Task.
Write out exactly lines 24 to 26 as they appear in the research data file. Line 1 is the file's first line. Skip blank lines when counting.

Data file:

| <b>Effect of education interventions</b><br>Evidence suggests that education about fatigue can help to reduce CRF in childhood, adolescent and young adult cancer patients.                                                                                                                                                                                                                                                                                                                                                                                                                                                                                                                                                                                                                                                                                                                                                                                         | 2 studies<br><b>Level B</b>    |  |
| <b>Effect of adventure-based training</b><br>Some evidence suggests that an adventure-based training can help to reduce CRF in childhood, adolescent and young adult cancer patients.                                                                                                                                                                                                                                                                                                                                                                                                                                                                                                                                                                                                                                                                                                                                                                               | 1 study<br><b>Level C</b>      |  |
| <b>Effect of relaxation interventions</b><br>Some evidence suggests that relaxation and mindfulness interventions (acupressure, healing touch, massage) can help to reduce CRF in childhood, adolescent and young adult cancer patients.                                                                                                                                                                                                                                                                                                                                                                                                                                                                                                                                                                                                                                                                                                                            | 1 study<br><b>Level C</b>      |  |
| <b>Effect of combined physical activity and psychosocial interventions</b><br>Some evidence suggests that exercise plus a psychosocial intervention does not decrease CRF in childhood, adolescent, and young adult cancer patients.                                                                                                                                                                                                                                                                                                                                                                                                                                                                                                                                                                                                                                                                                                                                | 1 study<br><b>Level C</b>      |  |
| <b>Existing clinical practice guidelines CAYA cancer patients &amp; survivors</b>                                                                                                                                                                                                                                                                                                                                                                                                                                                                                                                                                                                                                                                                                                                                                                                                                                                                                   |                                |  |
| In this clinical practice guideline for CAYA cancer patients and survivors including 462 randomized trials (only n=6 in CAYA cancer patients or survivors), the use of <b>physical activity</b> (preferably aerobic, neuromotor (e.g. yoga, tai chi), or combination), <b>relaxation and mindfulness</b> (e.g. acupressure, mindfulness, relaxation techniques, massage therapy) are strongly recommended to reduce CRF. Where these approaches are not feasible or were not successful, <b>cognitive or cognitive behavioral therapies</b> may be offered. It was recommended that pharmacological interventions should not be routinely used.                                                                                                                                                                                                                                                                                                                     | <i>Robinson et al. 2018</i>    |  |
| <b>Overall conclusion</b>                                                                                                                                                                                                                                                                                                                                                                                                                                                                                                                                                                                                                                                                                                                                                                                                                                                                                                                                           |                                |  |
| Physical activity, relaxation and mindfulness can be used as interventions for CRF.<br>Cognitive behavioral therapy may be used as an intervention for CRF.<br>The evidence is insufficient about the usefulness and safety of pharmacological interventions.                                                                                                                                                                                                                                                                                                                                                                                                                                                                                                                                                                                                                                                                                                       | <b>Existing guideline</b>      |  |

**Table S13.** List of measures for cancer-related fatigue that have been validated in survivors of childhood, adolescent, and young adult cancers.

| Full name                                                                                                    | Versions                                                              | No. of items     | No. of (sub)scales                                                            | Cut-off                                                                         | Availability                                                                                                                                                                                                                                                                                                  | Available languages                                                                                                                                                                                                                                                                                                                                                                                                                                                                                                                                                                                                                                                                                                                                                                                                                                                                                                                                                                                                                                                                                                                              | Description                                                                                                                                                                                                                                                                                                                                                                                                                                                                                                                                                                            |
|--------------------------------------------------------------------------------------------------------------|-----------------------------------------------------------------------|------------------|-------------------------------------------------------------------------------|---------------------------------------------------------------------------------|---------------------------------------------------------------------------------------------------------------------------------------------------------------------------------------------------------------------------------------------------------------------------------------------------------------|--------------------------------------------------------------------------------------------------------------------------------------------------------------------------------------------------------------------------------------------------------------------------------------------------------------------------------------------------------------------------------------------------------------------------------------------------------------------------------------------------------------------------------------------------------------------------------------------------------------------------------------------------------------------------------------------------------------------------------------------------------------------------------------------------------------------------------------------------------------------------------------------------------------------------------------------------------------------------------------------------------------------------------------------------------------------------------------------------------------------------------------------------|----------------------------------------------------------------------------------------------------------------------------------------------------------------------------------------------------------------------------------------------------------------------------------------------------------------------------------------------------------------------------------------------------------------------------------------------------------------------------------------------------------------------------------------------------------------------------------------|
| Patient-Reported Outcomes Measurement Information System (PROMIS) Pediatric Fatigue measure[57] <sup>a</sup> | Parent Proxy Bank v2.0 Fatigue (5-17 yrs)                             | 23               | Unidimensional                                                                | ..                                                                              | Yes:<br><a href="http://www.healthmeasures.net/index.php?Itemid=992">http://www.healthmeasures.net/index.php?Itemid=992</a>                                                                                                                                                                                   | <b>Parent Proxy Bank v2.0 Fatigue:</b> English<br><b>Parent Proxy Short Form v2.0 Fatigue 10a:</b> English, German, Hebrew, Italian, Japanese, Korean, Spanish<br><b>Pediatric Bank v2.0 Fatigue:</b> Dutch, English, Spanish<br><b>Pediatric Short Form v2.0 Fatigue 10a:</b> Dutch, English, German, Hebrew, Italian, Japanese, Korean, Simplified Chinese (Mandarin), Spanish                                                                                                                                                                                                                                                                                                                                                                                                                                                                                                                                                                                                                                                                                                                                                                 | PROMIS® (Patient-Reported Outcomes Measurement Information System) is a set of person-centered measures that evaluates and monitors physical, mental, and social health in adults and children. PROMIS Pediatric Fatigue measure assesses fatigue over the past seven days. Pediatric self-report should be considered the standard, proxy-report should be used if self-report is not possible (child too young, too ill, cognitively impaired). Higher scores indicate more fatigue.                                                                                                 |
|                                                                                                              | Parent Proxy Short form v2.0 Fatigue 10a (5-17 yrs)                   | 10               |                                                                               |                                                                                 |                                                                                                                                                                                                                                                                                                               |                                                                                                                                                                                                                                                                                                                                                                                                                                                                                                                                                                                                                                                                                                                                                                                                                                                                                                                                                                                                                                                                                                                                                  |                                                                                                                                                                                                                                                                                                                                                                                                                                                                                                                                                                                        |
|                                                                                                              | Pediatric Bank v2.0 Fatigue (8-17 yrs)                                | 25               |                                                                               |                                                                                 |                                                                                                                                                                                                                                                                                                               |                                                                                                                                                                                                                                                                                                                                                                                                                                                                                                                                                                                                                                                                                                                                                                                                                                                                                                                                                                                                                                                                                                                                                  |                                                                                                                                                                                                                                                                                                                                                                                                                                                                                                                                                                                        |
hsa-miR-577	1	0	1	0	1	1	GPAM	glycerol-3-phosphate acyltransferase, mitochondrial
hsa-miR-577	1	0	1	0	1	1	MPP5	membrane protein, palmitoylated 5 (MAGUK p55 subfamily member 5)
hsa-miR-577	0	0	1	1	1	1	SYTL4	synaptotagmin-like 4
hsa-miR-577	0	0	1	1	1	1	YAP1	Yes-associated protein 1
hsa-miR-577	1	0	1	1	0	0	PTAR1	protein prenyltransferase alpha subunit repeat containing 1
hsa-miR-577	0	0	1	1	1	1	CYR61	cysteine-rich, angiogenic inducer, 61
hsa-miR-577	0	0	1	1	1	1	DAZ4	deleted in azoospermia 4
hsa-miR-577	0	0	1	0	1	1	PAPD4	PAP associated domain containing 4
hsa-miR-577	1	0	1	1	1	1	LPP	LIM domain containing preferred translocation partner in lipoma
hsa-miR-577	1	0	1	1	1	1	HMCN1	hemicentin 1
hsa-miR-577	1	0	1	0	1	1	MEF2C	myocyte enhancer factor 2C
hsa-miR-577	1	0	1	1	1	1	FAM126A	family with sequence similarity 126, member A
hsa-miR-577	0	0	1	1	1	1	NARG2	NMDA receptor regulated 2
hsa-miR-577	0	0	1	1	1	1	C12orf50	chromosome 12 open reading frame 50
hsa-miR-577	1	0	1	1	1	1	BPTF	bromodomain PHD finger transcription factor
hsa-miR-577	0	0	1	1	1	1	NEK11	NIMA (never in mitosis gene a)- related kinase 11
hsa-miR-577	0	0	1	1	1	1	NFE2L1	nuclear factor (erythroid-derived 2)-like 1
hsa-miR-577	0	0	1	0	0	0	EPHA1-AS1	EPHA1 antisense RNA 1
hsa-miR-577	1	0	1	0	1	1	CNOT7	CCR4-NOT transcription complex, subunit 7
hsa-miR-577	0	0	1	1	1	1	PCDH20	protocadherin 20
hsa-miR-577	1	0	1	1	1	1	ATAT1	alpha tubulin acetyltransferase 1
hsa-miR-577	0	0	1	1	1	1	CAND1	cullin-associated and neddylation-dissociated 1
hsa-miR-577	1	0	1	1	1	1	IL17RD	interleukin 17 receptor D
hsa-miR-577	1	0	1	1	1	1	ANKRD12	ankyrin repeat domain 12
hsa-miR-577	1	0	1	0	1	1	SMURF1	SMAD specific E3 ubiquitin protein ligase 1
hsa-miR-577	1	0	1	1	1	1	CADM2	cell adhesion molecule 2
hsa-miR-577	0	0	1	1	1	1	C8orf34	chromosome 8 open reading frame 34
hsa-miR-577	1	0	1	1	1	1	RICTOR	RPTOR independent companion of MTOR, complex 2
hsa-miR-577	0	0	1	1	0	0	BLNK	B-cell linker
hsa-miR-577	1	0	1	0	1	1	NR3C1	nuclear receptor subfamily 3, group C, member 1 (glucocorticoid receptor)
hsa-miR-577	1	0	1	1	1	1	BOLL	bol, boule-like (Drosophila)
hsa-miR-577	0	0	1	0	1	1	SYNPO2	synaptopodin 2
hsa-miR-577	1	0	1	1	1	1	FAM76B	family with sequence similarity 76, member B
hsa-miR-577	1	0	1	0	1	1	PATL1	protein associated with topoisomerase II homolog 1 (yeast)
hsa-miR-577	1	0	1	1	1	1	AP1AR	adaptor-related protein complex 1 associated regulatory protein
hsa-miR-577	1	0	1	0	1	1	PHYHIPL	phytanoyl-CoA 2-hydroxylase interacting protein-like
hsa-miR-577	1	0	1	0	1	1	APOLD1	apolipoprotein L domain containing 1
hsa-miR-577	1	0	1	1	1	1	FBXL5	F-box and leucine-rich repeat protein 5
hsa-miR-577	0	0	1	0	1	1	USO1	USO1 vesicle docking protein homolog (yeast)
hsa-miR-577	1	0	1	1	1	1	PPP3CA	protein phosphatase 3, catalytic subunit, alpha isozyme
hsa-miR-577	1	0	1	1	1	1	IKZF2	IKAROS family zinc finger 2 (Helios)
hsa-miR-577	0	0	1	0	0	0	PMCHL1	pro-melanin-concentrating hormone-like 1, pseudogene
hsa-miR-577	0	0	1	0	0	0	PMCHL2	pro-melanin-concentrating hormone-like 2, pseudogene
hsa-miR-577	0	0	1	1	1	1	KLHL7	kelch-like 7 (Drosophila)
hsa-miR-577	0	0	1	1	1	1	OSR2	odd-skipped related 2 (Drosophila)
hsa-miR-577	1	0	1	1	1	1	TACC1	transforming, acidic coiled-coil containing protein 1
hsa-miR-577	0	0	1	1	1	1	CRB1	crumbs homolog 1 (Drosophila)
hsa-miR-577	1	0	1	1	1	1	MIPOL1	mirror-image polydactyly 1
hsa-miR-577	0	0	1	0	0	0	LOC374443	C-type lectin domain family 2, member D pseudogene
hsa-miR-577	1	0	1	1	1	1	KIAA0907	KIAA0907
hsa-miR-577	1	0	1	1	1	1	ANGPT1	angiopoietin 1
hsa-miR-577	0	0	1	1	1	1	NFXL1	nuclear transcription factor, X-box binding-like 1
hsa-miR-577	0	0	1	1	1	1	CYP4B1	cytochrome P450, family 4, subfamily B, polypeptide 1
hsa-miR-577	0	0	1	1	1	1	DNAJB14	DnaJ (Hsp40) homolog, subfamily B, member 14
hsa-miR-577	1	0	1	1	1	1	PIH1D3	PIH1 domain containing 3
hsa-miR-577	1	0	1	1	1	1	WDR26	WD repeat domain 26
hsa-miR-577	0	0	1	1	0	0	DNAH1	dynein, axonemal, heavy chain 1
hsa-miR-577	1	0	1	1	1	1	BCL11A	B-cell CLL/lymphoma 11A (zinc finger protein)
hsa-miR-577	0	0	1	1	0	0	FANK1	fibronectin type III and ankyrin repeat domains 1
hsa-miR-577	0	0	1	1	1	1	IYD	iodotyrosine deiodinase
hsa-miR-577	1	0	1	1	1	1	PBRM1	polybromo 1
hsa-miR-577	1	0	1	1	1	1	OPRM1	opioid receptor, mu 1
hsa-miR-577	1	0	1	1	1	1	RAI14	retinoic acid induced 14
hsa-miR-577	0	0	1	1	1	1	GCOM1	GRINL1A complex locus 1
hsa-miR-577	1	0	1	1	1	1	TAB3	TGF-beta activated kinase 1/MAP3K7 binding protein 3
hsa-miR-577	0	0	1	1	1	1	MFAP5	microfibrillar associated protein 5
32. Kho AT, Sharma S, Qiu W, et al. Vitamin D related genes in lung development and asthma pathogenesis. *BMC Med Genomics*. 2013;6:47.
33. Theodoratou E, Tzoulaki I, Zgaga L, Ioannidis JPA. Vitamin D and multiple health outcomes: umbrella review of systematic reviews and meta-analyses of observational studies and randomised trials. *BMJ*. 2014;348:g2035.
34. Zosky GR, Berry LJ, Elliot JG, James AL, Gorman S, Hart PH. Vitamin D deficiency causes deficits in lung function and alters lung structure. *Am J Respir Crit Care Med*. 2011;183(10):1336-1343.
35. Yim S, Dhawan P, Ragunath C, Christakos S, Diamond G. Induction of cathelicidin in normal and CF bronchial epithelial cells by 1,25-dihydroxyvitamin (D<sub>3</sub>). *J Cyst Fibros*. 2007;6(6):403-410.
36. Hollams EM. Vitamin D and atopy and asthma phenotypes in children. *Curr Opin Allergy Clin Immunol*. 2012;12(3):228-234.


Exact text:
hsa-miR-577	1	0	1	1	1	1	HMCN1	hemicentin 1
hsa-miR-577	1	0	1	0	1	1	MEF2C	myocyte enhancer factor 2C
hsa-miR-577	1	0	1	1	1	1	FAM126A	family with sequence similarity 126, member A